Archive for August, 2009

I was reading the excellent New York Times blog The Choice this morning and was happy when I read the top headline. A City Council Asks Washington to Forgive Student Loans. Jacques Steinberg explains:

In explaining its action, the council noted in its resolution that “the average debts of students graduating with loans rose from $18,796 in 2006 to $20,098 in 2007, according to the Project on Student Debt.” The Council argued that “forgiving student loan debt would have a stimulating effect on the economy.”

Specifically, the resolution imagines how “responsible people who did nothing other than pursue a higher education would have hundreds, if not thousands of extra dollars per month to spend, fueling the economy,” and that, “as a result, tax revenues would go up, the credit markets will unfreeze and jobs will be created.”

Now, you might not agree with the council, and you might have ideological problems with that kind of debt forgiveness. I think one of the best results of this issue being raised is that it brings the issue of student loans to the forefront. I talked about the issue a bit a few posts ago, and think it’s worth bringing up again.

I know my fair share of friends whose loan debt is way above $20,098. In fact, so many that I almost want to call shenanigans on that figure, but whatever. So, students, graduates, and anyone else–what do you think about this? Is a complete or partial debt forgiveness the way to go? Would it affect how you looked for a job? For example, if you suddenly had no loan debt, would  you be willing to take a job that paid less? I’m curious to hear your thoughts!


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As you get near the professional world and hear news of how gloomy the job market is, I’m sure you’re panicky. Don’t fret-there is some good news!

A new CareerBuilder survey completed in June finds that 48 percent of workers who were laid off from full-time jobs in the last three months have found new full-time positions, an increase from 41 percent in March. An additional 3 percent found part-time positions; down from 8 percent in the previous survey.

“Despite a challenging job market, workers have been able to find employment opportunities in a variety of fields,” said Brent Rasmussen, President of CareerBuilder North America. “Even though the number of workers who took part-time positions is tracking below last quarter, the number who found full-time jobs is notably higher. This is a positive indication that more workers who were laid off from full-time jobs were able to replace them with new full-time positions instead of taking part-time work as an interim measure to generate income. Part of this job search success is related to workers expanding career options to new industries and locations.”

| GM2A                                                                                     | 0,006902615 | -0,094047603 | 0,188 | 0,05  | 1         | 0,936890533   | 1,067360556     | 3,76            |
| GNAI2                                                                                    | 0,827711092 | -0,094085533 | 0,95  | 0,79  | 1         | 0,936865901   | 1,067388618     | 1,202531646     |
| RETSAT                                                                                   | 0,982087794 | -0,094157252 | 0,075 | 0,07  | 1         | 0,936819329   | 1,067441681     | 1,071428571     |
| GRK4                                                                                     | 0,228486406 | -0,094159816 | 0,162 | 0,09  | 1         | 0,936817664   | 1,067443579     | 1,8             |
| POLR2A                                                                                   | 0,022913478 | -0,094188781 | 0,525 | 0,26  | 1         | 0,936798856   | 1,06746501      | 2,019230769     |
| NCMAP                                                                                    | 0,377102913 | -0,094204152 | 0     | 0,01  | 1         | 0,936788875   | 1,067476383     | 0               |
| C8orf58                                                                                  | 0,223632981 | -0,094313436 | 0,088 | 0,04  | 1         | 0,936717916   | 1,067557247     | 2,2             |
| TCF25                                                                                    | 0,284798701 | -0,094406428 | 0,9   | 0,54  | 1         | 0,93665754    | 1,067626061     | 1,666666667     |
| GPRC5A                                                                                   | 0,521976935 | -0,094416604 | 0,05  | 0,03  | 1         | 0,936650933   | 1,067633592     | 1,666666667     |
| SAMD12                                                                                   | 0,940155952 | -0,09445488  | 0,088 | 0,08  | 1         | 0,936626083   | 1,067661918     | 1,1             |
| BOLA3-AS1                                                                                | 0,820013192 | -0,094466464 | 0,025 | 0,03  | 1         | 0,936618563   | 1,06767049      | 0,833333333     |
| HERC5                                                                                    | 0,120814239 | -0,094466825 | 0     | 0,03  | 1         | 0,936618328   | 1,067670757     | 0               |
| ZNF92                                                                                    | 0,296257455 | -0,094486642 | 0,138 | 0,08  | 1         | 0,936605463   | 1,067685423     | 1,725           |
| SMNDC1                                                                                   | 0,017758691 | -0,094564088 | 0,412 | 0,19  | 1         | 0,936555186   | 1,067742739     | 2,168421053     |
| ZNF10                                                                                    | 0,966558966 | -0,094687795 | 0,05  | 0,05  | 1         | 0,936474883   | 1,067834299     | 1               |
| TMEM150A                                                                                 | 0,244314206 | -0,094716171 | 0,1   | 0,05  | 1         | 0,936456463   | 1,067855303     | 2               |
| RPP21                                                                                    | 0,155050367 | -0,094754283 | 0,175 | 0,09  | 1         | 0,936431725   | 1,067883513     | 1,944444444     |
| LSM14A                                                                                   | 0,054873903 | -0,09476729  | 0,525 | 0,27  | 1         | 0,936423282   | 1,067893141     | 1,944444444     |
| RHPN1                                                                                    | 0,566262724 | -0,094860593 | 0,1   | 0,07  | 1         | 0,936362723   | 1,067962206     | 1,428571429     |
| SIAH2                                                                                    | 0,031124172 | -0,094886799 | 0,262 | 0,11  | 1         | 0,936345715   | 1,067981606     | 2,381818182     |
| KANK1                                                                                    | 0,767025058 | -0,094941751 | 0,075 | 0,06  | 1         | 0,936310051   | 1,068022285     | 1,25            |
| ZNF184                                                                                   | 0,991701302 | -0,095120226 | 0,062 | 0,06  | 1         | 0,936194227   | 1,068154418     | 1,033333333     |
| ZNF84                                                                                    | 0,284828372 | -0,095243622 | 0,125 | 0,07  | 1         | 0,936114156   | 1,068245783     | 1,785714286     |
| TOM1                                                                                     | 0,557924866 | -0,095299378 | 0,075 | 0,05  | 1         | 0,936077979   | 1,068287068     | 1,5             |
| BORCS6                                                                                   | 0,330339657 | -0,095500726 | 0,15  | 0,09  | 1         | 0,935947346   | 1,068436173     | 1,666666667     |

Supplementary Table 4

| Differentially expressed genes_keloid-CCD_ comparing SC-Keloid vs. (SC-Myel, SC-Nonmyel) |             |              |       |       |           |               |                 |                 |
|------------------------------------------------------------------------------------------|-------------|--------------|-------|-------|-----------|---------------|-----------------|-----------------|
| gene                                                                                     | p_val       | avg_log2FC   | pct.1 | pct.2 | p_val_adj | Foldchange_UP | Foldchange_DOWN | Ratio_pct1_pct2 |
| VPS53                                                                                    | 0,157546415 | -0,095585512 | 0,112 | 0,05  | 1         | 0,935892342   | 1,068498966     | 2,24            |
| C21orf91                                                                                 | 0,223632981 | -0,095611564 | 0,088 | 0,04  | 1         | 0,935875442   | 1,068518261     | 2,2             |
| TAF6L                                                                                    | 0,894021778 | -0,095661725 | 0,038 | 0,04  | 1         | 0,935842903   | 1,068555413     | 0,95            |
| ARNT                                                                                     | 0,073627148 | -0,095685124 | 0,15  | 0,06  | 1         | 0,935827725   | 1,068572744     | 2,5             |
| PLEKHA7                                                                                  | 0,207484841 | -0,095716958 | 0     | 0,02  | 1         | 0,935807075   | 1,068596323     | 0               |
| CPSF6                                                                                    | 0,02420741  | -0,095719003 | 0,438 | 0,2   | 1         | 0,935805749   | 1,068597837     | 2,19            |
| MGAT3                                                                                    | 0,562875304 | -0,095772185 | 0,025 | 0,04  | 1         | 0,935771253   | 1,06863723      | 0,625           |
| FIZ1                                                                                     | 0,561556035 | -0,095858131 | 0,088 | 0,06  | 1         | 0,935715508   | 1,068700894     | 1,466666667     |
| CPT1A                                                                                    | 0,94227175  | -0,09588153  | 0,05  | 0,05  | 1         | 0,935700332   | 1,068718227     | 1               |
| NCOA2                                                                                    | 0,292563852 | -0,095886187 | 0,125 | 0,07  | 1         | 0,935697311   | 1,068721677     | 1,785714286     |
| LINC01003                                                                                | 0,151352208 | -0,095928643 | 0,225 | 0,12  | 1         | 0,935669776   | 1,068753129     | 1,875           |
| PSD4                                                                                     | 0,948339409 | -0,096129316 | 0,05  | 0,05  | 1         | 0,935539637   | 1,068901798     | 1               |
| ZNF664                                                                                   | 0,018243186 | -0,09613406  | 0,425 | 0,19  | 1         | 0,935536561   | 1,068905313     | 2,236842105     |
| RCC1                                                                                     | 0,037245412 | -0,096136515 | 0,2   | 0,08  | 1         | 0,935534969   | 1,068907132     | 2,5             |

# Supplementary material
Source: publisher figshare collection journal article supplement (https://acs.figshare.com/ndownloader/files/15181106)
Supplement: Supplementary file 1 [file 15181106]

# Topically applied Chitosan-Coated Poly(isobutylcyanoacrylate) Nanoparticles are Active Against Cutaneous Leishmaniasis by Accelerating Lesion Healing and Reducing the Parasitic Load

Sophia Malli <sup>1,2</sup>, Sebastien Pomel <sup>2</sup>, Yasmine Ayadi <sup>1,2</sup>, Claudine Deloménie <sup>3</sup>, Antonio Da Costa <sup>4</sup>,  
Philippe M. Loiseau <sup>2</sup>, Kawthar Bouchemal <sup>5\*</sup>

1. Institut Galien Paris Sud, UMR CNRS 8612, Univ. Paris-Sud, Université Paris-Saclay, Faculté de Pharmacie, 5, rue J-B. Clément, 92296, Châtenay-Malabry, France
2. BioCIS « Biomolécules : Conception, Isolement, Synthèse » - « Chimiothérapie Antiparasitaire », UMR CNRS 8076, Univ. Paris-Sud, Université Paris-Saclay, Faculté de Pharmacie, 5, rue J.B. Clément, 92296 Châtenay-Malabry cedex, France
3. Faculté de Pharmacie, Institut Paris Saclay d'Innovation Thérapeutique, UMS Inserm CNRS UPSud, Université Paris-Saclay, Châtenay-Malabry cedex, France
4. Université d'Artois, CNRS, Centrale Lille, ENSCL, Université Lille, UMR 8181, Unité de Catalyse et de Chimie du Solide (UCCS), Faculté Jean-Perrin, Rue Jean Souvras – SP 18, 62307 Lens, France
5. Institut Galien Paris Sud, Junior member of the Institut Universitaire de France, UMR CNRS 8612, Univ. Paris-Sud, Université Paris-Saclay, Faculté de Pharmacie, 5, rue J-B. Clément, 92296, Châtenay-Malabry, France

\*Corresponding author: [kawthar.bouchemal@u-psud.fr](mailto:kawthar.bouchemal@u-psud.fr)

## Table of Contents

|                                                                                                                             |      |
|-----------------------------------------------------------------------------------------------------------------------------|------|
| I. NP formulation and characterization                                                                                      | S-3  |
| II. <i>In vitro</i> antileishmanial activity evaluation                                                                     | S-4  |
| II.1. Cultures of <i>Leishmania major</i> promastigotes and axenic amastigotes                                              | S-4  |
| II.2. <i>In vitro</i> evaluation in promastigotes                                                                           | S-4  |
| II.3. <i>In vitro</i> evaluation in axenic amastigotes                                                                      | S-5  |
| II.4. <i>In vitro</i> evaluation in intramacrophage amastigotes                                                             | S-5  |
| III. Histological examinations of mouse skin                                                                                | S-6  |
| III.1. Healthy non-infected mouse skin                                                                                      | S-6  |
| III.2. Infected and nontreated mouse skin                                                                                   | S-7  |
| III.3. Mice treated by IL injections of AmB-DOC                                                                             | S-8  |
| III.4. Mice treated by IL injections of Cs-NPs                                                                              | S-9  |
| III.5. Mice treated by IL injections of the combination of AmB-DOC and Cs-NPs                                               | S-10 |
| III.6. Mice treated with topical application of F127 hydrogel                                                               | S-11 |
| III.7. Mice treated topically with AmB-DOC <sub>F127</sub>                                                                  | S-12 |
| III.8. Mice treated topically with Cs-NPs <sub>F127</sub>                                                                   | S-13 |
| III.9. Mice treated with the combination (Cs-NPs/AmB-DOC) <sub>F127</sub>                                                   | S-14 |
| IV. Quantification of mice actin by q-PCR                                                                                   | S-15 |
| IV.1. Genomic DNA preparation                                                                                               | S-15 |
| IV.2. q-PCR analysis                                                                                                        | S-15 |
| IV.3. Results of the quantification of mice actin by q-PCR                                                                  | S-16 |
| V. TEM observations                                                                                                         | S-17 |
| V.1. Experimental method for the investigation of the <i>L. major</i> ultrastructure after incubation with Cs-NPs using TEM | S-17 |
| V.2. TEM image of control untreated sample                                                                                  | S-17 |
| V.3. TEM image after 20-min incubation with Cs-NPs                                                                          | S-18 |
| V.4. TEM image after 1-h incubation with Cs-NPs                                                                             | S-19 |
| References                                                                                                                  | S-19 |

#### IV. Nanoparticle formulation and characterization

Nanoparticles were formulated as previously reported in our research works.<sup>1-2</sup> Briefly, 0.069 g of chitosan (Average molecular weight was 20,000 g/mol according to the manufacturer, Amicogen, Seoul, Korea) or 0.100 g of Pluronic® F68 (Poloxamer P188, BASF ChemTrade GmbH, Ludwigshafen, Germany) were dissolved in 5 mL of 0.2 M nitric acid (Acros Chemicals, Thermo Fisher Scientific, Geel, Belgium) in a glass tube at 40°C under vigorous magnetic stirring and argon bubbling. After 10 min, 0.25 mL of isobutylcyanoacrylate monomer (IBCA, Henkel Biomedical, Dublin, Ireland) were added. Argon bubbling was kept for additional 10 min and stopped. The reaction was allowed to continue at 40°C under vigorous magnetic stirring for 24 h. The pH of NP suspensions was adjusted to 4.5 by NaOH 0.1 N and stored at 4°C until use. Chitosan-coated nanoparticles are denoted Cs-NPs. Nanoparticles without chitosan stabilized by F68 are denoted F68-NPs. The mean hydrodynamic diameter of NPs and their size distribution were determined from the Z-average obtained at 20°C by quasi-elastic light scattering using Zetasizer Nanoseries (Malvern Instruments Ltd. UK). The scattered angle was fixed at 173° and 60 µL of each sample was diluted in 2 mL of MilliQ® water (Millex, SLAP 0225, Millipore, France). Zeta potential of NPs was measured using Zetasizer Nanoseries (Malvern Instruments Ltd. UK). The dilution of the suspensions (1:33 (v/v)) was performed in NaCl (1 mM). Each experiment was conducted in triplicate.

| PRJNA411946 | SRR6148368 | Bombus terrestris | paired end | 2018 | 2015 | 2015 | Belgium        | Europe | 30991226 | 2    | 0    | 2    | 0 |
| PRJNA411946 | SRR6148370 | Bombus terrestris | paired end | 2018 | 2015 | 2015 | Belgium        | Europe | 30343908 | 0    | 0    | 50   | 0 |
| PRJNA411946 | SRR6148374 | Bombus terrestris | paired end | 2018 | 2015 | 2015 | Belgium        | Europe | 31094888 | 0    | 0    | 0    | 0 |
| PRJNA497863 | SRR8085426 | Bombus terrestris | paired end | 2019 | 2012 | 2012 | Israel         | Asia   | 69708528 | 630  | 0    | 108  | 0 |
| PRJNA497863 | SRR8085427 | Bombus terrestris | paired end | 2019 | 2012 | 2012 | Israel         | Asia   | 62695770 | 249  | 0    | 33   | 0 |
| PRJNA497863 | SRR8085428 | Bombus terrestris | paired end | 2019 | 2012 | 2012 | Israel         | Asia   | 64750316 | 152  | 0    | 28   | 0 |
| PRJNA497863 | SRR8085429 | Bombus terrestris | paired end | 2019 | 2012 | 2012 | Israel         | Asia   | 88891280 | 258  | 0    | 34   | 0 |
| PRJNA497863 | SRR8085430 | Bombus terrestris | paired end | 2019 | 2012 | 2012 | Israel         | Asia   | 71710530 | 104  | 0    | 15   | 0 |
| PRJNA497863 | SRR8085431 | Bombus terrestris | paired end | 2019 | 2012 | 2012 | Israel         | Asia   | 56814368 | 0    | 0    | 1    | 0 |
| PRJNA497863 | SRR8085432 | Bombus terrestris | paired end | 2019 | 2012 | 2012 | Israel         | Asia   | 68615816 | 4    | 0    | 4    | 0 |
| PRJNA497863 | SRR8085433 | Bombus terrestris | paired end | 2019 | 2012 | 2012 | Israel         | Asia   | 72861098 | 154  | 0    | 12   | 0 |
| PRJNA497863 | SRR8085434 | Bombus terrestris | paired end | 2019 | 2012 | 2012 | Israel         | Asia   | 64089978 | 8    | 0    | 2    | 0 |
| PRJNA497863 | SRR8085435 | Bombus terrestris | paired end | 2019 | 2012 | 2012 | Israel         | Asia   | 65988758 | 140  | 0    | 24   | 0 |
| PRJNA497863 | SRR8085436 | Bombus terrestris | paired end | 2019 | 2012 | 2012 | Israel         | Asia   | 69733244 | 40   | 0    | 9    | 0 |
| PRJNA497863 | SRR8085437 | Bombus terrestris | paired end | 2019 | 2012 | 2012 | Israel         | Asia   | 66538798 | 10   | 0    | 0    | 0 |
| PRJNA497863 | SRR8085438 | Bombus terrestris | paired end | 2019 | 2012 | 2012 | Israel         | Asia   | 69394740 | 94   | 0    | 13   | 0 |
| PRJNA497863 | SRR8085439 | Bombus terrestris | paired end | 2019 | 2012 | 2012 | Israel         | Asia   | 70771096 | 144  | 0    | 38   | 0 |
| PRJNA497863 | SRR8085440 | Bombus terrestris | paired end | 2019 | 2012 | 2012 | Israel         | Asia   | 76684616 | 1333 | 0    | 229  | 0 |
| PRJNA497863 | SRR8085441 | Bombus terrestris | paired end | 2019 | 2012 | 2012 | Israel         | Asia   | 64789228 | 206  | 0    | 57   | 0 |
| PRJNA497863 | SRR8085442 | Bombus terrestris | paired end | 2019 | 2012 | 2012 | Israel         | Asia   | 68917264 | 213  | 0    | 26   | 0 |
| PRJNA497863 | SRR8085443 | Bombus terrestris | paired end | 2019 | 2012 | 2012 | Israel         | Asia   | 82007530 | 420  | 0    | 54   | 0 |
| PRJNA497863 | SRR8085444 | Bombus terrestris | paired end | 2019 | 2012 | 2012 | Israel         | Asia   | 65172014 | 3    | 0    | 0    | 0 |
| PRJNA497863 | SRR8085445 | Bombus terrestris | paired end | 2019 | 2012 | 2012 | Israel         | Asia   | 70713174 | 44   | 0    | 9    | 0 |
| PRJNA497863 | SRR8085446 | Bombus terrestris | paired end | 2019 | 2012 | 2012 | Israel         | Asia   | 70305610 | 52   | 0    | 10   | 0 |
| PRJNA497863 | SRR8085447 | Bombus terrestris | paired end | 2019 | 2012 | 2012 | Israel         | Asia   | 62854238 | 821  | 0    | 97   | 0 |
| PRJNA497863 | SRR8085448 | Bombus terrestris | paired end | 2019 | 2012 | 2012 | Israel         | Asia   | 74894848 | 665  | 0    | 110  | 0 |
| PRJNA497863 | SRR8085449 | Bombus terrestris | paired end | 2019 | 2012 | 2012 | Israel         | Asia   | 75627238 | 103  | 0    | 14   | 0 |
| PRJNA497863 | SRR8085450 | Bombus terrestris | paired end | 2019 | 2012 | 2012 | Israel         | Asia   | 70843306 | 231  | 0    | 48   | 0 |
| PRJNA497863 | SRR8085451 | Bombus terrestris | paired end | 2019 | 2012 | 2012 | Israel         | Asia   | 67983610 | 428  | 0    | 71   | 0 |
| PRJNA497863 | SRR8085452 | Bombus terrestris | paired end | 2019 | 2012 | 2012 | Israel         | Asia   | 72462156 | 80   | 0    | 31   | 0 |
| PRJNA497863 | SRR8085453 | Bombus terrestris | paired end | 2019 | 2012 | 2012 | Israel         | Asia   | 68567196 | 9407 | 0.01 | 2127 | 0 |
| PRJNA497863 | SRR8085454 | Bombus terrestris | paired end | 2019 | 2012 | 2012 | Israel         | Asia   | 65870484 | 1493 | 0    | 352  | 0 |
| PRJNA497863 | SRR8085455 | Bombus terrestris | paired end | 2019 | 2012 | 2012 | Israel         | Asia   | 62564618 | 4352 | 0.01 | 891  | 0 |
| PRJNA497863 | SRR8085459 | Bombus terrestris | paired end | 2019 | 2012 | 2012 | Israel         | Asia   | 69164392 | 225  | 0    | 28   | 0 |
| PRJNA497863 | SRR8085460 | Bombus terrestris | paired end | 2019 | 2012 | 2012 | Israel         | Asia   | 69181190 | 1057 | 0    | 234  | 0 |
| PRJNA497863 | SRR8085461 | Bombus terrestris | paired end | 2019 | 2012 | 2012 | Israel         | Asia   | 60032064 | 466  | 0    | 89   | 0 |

Changes in Pay
Looking at workers who were laid off in the last 12 months and found new jobs, more than half (56 percent) reported they were able to negotiate comparable or higher pay for their new positions. Forty-four percent of workers took a pay cut, down from 49 percent in March.

Transferring Skills to Other Industries and Fields
Workers reported they are applying their skills to new areas. Similar to the last survey, 38 percent of workers who were laid off in the last 12 months and landed new jobs said they found work in a different field than where they were previously employed. Of those workers, the majority said they really enjoy their new positions.

Workers are no longer just looking for positions in their own backyards. One-in-five workers (20 percent) who were laid off in the last 12 months and found jobs relocated to a new city or state; up from 13 percent in March. Of those who are still looking for employment, 44 percent reported they would consider relocating for a job opportunity; up from 39 percent in March.

Starting a Business
An increased number of job seekers have adopted an “if you can’t find a job, create one” way of thinking. Nearly three-in-ten workers (29 percent) who have not found jobs are considering starting their own business; up from 25 percent in March.

Altering Appearance
The competition for a smaller number of jobs is driving some workers to alter their everyday appearances in hopes of making a stronger impression. More than a quarter (28 percent) of workers who were laid off in the last 12 months said they have changed their appearance to make themselves more attractive to potential employers. Fourteen percent said they have lost weight, 8 percent have changed their hair color or hairstyle and 5 percent are dressing to appear younger. Teeth whitening, enhanced makeup and cosmetic procedures were also cited.

Comparing genders, both men and women indicated making changes to their appearances in hopes of appealing to potential employers, at 26 percent and 30 percent, respectively.

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